This situation points to the possibility of an even higher regional diversity.”
“Clostridium difficile infection
is a common cause of antibiotic-associated diarrhea. It causes no symptoms in more than One-half of infected patients, but can also cause a wide spectrum of illnesses and death. The incidence and severity. have increased in recent years. The most important modifiable risk factor for C. difficile infection is antibiotic exposure; this risk is dose-related and higher with longer courses and combination therapy. C. difficile infection is also associated with older age, recent hospitalization, multiple comorbidities, use of gastric acid blockers, inflammatory bowel CX-6258 mouse disease, and immunosuppression. It has become more common in younger, healthier patients in community settings. The most practical testing options are rapid testing with nucleic acid amplification or enzyme immunoassays to detect
toxin, or a two-step strategy Treatment includes discontinuing the contributing antibiotic, if possible. Mild C. difficile infection should be treated with oral metronidazole; severe infection should be treated with oral vancomycin. Fidaxomicin may be an effective alternative. Recurrences of the infection should be treated based on severity. Tapering and the pulsed-dose method of oral vancomycin therapy for second recurrences are effective. Prevention includes responsible antibiotic prescribing and vigilant handwashing. Probiotics prevent antibiotic-associated diarrhea, but are not recommended specifically for preventing C. difficile https://www.selleckchem.com/products/cbl0137-cbl-0137.html infection. Copyright (c) 2014 American Academy of Family Physicians.”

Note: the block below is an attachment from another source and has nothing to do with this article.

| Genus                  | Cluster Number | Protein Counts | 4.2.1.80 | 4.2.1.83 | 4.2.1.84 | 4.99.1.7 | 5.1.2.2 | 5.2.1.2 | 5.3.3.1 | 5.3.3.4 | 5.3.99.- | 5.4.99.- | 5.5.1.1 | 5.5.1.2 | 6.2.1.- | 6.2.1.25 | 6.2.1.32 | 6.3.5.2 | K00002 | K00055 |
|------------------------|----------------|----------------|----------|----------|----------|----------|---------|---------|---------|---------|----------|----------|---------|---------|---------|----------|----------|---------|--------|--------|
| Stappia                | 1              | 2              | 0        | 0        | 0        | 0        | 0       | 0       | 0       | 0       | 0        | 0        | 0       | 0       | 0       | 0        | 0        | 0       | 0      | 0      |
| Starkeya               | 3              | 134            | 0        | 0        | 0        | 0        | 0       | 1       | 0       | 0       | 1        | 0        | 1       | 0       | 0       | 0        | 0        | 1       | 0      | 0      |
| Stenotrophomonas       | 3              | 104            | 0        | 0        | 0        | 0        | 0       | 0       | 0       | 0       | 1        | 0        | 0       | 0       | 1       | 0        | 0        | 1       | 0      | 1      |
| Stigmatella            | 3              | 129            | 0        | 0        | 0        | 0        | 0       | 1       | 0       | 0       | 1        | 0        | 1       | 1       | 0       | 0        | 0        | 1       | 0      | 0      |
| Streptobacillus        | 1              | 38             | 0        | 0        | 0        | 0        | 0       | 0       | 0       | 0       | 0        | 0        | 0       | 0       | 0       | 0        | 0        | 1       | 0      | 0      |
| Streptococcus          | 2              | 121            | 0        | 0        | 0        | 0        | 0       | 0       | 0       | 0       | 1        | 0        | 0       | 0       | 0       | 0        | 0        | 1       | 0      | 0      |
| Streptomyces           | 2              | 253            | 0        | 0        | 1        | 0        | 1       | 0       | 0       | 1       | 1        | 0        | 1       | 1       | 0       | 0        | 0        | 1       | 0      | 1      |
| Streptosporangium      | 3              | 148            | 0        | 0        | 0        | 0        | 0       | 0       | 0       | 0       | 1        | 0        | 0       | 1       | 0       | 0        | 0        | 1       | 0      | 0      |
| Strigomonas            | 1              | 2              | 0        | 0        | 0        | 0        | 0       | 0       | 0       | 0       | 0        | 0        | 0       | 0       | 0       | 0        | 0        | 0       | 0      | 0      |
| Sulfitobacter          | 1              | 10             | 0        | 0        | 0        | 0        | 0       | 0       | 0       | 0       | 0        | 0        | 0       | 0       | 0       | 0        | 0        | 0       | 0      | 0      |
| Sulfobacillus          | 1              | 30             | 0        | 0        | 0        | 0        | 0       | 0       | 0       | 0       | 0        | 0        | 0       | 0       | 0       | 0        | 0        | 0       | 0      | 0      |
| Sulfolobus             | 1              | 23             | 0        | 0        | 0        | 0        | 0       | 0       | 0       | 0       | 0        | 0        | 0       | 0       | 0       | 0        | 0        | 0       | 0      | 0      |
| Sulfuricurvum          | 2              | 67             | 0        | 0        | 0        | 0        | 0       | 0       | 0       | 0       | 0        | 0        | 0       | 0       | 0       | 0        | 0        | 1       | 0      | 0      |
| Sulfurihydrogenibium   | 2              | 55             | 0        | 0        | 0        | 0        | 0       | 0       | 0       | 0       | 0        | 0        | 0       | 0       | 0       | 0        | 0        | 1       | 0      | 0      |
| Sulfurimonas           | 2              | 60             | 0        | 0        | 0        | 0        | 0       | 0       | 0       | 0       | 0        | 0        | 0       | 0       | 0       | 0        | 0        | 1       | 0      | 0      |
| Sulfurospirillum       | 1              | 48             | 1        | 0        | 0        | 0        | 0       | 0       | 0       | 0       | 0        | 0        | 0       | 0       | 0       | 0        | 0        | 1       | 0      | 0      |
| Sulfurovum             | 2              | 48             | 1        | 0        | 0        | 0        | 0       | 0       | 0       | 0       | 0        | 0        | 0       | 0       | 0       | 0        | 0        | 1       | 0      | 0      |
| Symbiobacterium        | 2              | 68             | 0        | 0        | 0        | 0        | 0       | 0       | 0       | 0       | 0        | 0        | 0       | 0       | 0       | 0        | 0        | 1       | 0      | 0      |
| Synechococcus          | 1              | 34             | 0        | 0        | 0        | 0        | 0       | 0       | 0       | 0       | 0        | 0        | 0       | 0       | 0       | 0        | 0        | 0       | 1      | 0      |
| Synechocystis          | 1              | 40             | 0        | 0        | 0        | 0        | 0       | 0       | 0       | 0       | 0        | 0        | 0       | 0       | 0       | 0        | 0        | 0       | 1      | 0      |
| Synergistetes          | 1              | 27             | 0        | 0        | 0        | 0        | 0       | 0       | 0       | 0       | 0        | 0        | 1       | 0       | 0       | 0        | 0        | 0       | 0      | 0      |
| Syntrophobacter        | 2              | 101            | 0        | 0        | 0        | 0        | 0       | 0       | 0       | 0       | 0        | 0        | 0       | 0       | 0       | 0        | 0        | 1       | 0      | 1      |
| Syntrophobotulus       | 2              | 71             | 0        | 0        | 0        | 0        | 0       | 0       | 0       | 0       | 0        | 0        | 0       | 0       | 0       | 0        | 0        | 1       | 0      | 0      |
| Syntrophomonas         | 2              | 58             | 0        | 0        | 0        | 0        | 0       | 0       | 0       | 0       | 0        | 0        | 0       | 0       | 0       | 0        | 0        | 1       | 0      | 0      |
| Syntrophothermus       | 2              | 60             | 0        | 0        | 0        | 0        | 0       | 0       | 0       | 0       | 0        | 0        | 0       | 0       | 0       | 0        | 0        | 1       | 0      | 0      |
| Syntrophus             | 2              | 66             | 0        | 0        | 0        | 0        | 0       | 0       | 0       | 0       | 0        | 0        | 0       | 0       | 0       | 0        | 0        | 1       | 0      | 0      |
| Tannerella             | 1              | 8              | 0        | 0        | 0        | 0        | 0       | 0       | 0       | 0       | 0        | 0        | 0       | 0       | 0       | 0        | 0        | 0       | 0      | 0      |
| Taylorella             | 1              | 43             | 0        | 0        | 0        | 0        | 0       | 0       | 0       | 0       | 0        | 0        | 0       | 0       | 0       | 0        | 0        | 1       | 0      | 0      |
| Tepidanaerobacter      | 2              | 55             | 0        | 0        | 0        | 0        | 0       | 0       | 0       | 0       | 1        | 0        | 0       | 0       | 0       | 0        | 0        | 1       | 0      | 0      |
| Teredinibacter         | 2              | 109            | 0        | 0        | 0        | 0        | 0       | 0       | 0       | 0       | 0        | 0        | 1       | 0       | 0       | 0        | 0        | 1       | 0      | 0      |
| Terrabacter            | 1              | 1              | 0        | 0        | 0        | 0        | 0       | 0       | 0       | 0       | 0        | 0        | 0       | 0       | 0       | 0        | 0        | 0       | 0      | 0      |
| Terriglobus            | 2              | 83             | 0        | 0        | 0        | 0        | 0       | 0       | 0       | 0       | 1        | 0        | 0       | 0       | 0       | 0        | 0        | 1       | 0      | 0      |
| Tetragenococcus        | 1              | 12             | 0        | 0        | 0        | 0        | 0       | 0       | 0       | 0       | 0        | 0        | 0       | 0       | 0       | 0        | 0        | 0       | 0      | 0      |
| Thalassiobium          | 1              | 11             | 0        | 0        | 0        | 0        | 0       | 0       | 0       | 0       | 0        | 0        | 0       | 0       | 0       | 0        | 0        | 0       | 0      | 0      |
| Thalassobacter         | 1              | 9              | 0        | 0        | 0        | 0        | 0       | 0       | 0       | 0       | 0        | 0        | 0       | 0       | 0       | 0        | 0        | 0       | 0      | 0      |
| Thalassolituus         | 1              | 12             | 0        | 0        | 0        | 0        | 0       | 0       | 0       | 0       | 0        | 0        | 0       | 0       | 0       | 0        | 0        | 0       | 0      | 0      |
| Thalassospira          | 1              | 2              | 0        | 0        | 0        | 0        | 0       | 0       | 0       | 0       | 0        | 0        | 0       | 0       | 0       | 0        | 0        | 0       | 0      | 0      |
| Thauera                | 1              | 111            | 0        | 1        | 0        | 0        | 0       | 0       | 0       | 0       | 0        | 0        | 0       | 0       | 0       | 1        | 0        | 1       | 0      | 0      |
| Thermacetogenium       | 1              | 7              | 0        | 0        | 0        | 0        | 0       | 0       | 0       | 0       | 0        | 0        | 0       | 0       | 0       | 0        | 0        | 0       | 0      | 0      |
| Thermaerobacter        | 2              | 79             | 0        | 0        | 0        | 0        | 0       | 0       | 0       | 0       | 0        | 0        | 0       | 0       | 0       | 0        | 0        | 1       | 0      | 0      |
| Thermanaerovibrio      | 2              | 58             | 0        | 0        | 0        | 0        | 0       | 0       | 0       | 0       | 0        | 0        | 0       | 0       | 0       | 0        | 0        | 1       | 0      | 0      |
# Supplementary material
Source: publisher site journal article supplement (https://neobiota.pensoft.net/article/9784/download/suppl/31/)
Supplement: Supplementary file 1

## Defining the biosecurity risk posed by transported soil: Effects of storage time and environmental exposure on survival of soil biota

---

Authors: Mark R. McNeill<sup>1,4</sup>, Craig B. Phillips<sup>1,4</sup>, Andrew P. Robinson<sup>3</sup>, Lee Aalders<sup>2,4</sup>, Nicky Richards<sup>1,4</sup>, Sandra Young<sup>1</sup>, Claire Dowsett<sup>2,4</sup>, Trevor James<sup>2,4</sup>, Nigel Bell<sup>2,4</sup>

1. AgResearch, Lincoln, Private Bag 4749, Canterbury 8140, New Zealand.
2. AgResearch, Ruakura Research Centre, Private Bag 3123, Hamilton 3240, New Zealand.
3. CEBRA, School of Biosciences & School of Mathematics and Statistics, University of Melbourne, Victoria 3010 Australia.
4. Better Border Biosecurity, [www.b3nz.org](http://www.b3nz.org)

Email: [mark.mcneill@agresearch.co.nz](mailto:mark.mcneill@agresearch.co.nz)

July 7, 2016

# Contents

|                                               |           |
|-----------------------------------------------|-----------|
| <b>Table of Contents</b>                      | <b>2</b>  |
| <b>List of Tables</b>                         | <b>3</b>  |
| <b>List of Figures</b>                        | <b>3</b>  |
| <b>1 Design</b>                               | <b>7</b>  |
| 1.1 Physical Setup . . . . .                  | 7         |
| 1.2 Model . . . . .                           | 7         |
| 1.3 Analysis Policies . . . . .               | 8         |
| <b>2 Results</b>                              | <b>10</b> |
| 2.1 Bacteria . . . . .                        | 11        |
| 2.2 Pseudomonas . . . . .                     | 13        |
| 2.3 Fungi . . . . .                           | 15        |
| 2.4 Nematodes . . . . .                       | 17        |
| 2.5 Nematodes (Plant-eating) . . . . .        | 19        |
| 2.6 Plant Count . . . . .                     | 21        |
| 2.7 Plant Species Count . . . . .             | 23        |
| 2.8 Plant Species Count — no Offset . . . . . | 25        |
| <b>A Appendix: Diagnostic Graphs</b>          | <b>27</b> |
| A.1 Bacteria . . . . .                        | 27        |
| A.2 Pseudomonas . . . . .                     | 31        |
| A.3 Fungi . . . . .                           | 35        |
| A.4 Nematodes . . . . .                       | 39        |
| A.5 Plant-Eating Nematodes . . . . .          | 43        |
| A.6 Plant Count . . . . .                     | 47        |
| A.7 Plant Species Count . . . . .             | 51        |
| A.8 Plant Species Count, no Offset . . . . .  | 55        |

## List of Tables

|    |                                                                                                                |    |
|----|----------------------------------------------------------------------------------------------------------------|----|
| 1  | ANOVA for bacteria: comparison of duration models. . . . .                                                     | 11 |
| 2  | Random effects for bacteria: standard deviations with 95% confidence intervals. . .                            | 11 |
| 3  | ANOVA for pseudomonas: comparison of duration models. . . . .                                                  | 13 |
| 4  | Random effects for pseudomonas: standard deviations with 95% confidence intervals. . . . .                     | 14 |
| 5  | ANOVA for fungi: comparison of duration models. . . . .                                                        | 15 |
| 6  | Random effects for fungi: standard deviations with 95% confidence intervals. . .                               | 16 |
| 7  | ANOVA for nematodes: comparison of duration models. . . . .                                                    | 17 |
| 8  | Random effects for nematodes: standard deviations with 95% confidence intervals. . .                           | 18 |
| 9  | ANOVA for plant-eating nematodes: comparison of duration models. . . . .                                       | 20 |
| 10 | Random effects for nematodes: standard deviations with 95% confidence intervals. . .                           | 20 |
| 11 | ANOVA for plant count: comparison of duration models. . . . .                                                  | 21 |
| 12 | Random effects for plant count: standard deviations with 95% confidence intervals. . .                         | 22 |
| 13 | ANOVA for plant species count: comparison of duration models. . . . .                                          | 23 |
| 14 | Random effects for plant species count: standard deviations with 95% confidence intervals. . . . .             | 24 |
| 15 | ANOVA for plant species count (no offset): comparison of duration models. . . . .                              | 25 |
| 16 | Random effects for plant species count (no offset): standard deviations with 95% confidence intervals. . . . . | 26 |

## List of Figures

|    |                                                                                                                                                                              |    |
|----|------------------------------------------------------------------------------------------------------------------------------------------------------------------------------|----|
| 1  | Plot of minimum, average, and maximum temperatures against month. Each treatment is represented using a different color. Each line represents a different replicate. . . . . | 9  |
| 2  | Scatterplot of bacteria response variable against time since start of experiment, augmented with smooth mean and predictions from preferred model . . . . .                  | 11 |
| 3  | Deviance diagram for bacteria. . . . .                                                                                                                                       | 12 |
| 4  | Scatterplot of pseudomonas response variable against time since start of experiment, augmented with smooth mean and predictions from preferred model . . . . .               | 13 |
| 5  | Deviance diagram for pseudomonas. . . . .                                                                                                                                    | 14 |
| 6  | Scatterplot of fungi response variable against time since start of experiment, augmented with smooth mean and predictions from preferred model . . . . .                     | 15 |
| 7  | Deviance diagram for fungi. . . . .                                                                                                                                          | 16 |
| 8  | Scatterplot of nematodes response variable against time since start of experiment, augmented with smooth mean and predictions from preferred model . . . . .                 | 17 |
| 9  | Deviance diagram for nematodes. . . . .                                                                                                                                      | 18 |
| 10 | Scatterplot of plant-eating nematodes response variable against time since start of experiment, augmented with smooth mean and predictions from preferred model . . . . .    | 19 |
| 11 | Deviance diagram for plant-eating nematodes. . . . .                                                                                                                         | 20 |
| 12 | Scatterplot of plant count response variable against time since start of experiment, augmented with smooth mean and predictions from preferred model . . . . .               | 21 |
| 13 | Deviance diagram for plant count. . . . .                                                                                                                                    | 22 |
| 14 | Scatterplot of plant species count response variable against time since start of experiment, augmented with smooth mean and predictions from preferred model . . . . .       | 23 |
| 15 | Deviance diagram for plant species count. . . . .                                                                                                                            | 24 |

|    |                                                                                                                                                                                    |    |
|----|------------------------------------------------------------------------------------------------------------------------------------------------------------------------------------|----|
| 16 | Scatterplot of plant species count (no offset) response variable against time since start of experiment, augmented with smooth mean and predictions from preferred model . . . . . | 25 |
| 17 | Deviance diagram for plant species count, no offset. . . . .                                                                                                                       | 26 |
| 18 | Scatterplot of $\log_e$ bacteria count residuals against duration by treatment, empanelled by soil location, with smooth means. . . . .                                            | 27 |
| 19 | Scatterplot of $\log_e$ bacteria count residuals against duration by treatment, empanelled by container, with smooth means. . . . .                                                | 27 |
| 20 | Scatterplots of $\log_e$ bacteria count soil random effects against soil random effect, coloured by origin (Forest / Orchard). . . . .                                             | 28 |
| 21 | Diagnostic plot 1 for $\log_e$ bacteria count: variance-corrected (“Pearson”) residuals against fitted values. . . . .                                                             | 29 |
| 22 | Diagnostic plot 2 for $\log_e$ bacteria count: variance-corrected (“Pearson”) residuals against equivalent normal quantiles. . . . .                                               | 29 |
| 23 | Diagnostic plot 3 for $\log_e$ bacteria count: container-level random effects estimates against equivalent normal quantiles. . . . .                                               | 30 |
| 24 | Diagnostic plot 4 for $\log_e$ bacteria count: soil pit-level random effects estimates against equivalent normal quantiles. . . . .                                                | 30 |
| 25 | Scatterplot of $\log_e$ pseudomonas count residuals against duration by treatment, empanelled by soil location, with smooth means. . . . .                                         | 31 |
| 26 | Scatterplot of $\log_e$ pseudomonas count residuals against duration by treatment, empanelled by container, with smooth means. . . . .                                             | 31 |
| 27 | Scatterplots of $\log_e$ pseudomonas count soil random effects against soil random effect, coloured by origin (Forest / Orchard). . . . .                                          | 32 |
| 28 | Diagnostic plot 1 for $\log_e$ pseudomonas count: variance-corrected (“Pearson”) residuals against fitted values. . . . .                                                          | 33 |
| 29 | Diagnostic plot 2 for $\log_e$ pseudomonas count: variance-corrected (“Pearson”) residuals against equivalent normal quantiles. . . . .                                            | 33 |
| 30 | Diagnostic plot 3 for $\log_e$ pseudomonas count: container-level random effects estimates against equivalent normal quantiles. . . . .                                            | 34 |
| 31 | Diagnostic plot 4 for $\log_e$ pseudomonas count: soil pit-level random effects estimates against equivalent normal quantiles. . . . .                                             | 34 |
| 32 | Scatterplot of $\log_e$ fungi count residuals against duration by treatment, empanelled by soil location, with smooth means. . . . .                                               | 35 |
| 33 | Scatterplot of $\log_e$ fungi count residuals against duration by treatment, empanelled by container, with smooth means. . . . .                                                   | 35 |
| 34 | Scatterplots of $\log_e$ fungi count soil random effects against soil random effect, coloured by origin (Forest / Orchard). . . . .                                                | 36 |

“The purpose of this study was to investigate dendritic glycerol-based amphiphiles as novel solubilizers using poorly water-soluble anticancer drug Sagopilone. The effect of different core structures on the solubilization, formulation GSK1210151A ic50 stability, and cytotoxicity using human umbilical vein endothelial cells (HUVECs) were investigated and compared to standard excipients. Structurally, all amphiphiles were composed of 2nd generation polyglycerol (PG[G2]) as the
hydrophilic part and a single C(18)-chain (PG[G2]-C(18)), a C(18)-chain coupled by a diaromatic spacer (PG[G2]-DiAr-C(18)), a C(18)-chain with a naphthyl or bisphenyl end group (PG[G2]-C(18)-Naph/-BiP), or two C(18)-chains (PG[G2]-(C(18)) as the hydrophobic part. They formed small (7-10 nm), monodisperse (PDI 0.04-0.20) micelles with the exception of PG[G2]-(C(18))(2). The amphiphiles revealed a 2-3-fold higher solubilization of Sagopilone than Cremophor (R) ELP and polysorbate 80 independent of the core structure. PG[G2]-DiAr-C(18) exhibited the highest solubilization capacity (56.7 +/- 1.3 mg/g) compared to Cremophor (R) ELP (18.5 +/- 0.1 mg/g). The micellar dispersions were stable in drug content over 3 days (>= 97%).